Joint letter urges reminding customers of personal responsibility
Four Dakota County-based chambers of commerce are asking Gov. Tim Walz for a “prompt turn of the dial from ‘business closure’ to ‘business open’ with personal/consumer responsibility.”
The Apple Valley, Burnsville, Hastings and River Heights chambers (which serves Inver Grove Heights and South St. Paul) sent a letter to Walz on May 27 in response to the next phases for reopening businesses he had announced May 20.
“The frustration I hear from businesses isn’t the fact that they were closed,” said Ed Kearney, Apple Valley Chamber president. “Where they’re frustrated is there’s not a timeline. Give them a date. Give them a date so they can make firm plans.”
Walz’s “Stay Safe” order plan includes four phases with the second phase starting June 1. The third and fourth phases do not have specific start and end dates at this time.
The second phase in Walz’s “Stay Safe” order plan included limited outdoor dining at restaurants and bars starting June 1 and that salons and barbershops could reopen on the same date at 25 percent occupancy. In both industries, customers are recommended or required to wear masks, make reservations and adhere to social distancing requirements, according to the governor’s office.
Since March, critical businesses have been allowed to remain open with the option to telework if possible. Non-customer facing businesses could also be open with a COVID-19 preparedness plan and the option to telework.
Retail businesses could only offer curbside pickup until May 18 and were allowed to open at 50 percent capacity with a preparedness plan. They will be able to have increased capacity in the third and fourth phases.
Salons and barbershops were closed and bars and restaurants could only offer delivery and takeout until June 1. Bars and restaurants can include indoor dining in the third phase and increased capacity in the fourth phase. Salons and barbershops can have increased capacity in the third and fourth phases.
Gyms, personal fitness and yoga studios and martial arts are listed for the potential for a phased opening with capacity restrictions in the third phase and increased capacity in the fourth phase.
Entertainment businesses including bowling alleys, movie theaters and arcades are listed for a potential phased opening with capacity restrictions and social distancing requirements in the fourth phase.
The announced phases took many by surprise. There was some expectation that gyms and fitness centers would be allowed to reopen in some capacity sooner, and they were stunned that no indoor service was allowed for restaurants, said Jennifer Harmening, Burnsville Chamber of Commerce president.
“Our phone lines and emails were blowing up that afternoon after the governor’s conference call,” she said. “We are the voice for business in the community. We feel like sometimes the small business voice gets lost. We felt like we needed to say something.”
In the May 27 letter, the chambers said that for the past nine weeks small businesses had been closed for the health and safety of Minnesotans. They created safe reopening plans and found new ways to serve customers.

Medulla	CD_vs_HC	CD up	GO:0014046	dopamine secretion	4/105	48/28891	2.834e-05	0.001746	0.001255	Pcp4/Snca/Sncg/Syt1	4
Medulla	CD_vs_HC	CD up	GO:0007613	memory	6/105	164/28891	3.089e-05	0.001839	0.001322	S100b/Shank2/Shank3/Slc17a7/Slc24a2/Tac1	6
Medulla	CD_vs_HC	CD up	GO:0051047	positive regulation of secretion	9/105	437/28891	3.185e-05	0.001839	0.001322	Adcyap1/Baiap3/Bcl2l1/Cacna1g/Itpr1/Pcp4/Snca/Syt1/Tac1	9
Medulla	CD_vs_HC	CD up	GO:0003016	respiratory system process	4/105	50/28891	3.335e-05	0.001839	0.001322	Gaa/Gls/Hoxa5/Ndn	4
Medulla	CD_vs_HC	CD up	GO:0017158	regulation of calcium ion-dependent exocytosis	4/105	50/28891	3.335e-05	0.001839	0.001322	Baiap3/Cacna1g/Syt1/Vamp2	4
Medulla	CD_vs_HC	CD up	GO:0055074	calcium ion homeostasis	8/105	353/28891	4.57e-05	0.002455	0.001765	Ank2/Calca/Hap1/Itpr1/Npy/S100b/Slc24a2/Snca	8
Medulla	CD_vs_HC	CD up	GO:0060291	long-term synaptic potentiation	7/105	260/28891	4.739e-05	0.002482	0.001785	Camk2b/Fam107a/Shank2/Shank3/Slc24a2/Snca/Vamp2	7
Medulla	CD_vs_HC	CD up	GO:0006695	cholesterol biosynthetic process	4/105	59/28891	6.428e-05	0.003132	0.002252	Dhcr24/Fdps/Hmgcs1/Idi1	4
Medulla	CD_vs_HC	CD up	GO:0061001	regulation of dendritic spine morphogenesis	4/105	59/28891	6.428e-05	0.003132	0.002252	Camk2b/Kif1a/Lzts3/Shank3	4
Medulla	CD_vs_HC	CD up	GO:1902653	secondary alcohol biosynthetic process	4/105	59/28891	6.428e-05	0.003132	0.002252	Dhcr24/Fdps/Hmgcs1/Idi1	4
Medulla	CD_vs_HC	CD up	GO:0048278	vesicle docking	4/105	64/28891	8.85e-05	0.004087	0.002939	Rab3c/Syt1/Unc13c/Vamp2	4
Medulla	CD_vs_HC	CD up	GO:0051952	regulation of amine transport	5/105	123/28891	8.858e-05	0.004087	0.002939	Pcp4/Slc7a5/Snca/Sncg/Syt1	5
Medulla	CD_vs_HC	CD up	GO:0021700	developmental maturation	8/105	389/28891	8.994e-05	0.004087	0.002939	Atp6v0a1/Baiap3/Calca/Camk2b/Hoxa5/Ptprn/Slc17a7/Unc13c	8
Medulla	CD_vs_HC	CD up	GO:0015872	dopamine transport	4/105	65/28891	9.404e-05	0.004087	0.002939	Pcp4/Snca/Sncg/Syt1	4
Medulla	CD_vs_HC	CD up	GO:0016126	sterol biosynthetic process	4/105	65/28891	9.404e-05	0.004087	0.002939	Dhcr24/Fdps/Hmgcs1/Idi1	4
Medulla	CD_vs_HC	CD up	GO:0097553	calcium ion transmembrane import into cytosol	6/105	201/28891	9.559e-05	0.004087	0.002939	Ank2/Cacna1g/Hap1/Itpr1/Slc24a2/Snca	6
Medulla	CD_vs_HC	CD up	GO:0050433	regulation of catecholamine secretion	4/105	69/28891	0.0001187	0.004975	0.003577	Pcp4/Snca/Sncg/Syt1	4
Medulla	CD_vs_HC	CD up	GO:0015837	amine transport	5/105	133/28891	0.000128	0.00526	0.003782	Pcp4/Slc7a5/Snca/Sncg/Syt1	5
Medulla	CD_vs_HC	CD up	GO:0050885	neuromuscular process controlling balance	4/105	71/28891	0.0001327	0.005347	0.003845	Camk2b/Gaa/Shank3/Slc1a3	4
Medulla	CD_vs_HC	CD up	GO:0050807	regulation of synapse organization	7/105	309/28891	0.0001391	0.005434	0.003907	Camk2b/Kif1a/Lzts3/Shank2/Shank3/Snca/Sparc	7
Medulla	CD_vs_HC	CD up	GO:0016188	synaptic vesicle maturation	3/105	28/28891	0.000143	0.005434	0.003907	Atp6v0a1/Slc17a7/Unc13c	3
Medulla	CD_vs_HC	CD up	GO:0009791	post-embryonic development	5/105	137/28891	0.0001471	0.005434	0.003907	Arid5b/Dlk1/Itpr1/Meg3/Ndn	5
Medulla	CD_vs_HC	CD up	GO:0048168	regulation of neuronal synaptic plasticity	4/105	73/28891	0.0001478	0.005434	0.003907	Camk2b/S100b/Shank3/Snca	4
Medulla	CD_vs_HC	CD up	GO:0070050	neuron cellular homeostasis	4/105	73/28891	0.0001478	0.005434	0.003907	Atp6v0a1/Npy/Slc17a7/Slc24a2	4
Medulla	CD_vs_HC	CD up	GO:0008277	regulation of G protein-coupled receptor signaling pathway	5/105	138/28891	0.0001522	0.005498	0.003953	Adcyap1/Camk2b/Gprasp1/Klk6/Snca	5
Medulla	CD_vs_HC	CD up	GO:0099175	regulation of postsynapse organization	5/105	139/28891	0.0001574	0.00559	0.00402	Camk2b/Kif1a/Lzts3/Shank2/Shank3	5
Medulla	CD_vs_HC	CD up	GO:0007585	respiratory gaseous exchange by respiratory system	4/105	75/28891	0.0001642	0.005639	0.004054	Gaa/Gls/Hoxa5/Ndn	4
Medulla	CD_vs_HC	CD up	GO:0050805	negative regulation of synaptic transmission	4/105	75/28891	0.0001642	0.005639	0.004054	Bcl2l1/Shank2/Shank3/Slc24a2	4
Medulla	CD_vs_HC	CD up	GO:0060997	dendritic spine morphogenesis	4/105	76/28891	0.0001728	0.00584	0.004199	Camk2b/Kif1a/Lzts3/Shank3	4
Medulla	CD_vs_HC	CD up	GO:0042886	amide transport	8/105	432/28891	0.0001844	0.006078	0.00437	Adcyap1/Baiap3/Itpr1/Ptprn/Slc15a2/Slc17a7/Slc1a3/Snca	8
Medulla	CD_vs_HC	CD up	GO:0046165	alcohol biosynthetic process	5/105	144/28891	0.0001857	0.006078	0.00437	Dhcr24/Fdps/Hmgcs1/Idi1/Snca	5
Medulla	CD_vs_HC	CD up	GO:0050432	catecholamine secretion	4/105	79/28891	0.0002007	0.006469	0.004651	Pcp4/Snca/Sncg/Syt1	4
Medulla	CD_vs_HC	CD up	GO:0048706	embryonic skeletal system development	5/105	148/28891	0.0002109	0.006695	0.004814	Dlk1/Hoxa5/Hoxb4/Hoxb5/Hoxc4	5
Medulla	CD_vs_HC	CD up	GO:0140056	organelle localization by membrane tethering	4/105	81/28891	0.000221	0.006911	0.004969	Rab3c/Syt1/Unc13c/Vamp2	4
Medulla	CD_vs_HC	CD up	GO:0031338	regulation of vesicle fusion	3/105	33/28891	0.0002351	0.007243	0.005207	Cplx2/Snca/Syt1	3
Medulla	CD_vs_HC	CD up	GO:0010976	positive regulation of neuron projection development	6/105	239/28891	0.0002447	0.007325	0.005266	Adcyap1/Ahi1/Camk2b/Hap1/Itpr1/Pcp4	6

“Unfortunately, many customer facing businesses are operating at an unsustainable level, bringing in only a fraction of typical revenue while working twice as hard and incurring higher per unit costs,” the letter said.
Harmening said some businesses are running out of money even if they had reserves to fall back on or got funding through the Paycheck Protection Program or Economic Injury Disaster Loan Program.
“Right now we already have businesses that can’t reopen that are closed permanently. We expect more of that now,” she said.
Businesses have their pandemic preparedness plans in place, which were created to follow strict guidelines from federal and state officials. Small businesses are willing to take the risk though the new plans are showing a need for more staff to serve fewer customers, the chambers said in the letter.
The chambers also said Minnesotans are now “incentivized to leave our state for recreation, entertainment and travel,” which undermines the hospitality industry and encourages greater spread of COVID-19.
The letter asks Walz to move from a short-term strategy of business closures to a long-term strategy of opening businesses with personal and consumer responsibility.
“Businesses have their plans in place, now it is time to equip our citizens with preparedness templates and expectations, including social distancing and face masks, and empower them with guidance to manage their activities and maintain their health throughout the pandemic. Please establish a more concrete, rapid timeline for opening now while reminding consumers of their personal responsibility to keep Minnesota safe,” the letter said.
Kearney said one thing that’s missing on “the dial” is the public. Businesses are ready to go but the public needs to be educated on the expectations.
“We’re asking the governor come up with the standards and enforce them and hold people accountable,” he said.
Kearney and Harmening both said the chambers have had a longstanding partnership and have frequently met virtually during the COVID-19 pandemic to address various issues locally and at the state level.
“We work together on the metro level, state level and national level. We try to coordinate efforts as much as we can,” Harmening said.
A spokesperson for Walz could not be reached for comment. Kearney said they did not expect Walz to directly respond to the letter, but to take their requests under consideration during their decision making.
Patty Dexter can be reached at email@example.com.